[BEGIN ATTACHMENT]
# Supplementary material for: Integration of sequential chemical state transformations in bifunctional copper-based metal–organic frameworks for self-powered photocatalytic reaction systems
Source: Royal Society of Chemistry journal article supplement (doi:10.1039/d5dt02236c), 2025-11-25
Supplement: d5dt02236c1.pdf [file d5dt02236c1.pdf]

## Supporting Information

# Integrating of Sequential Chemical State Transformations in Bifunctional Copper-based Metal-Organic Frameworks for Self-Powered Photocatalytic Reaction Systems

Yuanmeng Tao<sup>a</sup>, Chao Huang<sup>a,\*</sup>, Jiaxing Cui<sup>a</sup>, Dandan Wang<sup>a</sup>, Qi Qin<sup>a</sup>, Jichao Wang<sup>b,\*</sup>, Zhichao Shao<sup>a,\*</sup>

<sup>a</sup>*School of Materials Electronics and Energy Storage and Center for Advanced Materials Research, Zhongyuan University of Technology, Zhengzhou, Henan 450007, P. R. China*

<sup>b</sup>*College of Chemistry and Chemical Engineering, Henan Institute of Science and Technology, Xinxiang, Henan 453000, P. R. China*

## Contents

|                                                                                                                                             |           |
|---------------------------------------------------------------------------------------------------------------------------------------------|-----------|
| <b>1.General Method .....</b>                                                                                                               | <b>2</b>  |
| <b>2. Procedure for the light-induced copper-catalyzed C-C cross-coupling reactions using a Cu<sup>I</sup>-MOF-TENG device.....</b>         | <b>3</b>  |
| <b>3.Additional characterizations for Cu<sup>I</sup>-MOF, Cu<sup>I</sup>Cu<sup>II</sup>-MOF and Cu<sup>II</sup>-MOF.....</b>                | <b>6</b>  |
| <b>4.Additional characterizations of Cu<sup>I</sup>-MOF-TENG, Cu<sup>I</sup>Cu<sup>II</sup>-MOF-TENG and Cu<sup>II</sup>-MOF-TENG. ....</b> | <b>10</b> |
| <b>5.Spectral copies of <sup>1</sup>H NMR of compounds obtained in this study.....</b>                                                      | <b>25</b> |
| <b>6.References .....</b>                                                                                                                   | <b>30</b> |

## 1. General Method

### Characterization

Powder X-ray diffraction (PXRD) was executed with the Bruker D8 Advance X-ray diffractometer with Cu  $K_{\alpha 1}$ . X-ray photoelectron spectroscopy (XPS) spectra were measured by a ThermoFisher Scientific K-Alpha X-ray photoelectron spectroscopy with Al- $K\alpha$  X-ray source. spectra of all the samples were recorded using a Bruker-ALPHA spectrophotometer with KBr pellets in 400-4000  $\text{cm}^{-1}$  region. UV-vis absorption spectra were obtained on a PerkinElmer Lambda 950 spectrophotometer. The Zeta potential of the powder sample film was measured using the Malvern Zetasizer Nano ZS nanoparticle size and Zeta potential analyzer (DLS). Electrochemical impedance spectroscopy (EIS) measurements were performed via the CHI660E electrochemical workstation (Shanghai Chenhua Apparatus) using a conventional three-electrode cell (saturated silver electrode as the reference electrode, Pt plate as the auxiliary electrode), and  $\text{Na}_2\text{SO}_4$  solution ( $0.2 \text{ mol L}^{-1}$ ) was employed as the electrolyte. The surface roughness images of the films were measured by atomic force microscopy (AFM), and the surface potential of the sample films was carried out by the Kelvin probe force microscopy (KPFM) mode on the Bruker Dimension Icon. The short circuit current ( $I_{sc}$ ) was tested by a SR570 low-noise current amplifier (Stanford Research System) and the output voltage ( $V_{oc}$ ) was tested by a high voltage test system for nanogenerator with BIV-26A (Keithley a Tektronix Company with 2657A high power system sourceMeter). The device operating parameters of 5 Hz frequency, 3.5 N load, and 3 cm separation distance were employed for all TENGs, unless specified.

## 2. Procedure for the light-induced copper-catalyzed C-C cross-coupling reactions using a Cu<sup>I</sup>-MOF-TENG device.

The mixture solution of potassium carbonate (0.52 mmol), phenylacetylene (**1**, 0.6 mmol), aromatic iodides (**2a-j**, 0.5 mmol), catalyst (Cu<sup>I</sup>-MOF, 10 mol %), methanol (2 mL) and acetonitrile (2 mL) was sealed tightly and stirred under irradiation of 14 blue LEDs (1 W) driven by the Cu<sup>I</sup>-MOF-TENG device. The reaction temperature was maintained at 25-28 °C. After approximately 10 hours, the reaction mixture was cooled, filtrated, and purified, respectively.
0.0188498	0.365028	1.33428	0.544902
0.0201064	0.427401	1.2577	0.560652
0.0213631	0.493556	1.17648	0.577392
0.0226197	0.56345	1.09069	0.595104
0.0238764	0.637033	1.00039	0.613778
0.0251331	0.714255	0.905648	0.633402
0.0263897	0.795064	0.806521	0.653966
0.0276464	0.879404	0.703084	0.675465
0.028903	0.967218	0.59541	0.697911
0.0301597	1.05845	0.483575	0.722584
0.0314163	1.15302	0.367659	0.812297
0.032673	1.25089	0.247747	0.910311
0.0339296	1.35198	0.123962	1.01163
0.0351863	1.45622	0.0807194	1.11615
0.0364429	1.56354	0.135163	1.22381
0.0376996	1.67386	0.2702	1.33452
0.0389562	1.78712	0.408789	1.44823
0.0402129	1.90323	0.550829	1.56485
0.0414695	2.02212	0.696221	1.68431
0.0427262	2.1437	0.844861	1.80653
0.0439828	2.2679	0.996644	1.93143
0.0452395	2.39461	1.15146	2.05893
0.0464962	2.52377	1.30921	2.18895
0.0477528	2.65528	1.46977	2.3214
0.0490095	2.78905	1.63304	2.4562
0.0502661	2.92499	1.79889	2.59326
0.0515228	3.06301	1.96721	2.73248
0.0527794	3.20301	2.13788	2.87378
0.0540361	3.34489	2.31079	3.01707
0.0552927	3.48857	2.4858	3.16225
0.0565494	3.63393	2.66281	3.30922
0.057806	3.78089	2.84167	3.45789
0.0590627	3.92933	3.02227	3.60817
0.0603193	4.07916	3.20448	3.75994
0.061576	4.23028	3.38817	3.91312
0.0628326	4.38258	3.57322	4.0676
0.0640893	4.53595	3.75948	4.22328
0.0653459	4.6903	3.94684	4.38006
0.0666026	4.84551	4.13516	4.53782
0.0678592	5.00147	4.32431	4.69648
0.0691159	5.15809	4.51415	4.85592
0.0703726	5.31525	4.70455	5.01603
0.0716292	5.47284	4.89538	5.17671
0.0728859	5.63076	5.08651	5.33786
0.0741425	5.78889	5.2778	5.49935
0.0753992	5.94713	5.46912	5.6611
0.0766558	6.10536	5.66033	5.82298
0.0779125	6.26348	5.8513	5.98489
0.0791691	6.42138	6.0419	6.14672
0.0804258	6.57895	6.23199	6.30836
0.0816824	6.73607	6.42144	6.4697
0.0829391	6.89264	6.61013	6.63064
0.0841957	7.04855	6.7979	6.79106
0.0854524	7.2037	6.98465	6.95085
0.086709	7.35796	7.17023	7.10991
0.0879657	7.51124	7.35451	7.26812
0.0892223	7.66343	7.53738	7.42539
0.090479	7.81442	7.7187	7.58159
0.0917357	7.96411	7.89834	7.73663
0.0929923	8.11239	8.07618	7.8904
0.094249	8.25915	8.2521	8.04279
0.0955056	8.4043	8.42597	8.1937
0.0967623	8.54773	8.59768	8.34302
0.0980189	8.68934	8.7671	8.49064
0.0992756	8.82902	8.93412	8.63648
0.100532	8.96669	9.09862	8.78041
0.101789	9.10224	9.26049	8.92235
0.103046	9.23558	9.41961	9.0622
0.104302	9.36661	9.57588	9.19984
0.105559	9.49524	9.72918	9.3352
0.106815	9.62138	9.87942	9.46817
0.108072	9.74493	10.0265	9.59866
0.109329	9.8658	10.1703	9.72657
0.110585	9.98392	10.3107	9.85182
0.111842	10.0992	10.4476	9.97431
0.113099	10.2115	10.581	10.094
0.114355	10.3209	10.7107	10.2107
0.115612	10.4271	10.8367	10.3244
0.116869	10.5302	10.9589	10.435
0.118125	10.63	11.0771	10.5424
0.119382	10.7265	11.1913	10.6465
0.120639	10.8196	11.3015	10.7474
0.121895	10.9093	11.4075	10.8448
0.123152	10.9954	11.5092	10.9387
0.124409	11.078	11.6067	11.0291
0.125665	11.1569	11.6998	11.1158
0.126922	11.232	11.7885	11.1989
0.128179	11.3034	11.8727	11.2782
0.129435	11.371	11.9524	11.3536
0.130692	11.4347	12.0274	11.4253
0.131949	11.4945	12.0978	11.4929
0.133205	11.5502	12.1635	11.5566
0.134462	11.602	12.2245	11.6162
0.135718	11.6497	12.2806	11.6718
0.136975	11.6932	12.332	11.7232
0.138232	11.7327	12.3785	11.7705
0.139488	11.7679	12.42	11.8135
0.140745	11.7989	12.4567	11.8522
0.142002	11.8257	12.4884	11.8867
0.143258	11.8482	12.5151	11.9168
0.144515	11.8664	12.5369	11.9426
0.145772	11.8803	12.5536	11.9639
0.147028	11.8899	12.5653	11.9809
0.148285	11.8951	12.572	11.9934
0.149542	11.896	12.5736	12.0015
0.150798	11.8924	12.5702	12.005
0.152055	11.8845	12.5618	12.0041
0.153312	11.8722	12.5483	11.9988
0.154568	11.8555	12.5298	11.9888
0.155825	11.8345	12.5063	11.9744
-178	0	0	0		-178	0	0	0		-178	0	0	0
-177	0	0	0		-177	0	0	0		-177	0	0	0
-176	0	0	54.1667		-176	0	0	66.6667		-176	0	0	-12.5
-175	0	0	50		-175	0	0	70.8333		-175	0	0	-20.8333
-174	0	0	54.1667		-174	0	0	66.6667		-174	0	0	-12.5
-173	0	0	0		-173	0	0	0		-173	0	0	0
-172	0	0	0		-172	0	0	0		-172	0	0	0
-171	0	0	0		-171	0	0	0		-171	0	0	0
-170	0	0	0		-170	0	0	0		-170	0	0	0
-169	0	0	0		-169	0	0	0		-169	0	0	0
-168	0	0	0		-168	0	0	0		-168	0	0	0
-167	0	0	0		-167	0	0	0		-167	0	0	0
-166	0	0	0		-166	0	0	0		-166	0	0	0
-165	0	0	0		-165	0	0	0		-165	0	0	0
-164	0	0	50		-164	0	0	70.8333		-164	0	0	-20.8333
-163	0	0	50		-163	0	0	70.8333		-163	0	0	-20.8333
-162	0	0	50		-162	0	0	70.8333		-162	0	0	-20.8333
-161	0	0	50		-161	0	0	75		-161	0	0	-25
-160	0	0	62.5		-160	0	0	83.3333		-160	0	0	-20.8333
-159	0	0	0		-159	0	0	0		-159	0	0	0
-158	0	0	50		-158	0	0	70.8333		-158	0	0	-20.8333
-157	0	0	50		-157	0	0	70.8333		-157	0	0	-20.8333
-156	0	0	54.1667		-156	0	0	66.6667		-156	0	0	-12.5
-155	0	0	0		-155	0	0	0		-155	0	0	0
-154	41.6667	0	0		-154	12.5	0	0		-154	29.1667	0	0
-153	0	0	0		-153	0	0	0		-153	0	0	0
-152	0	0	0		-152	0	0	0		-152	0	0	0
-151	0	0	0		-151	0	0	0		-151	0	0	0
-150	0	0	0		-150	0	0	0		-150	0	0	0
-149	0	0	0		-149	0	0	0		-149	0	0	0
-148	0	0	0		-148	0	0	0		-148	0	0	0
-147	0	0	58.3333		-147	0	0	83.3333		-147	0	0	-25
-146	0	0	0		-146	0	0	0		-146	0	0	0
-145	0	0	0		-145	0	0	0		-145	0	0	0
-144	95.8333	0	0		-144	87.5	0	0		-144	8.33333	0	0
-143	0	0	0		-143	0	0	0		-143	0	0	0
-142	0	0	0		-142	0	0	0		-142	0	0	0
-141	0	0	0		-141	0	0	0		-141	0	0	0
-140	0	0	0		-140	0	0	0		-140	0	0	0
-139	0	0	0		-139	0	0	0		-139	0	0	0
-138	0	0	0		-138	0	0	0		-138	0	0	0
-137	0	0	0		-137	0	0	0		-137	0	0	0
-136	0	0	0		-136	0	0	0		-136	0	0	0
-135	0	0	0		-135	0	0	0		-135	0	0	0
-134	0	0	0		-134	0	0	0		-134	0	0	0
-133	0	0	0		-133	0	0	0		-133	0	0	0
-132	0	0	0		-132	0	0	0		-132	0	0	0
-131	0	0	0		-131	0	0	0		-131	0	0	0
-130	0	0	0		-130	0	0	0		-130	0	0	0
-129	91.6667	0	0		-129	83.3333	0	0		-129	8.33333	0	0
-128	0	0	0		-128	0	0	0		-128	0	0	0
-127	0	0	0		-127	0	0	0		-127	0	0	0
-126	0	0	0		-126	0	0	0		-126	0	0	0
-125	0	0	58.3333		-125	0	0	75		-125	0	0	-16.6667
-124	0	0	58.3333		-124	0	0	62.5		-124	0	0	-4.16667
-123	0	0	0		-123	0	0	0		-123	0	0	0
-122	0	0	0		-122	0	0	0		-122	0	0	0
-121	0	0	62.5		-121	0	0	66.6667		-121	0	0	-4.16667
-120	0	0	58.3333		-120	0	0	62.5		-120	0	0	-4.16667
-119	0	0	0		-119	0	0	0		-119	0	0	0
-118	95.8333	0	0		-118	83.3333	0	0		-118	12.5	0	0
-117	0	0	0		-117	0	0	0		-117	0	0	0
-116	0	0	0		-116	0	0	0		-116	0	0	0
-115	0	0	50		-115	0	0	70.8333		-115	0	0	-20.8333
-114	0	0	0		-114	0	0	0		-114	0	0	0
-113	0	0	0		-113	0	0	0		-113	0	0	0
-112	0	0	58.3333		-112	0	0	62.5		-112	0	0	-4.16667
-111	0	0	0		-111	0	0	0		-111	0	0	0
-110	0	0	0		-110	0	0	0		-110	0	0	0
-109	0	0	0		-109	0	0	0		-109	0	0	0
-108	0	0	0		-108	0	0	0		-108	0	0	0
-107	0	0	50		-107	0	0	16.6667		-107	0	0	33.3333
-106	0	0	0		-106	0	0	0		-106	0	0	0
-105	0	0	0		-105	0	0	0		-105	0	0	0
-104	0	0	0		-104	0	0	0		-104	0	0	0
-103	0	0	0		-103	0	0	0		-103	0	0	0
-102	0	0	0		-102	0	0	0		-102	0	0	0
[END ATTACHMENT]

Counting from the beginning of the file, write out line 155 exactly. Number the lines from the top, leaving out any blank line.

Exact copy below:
-156	0	0	54.1667		-156	0	0	66.6667		-156	0	0	-12.5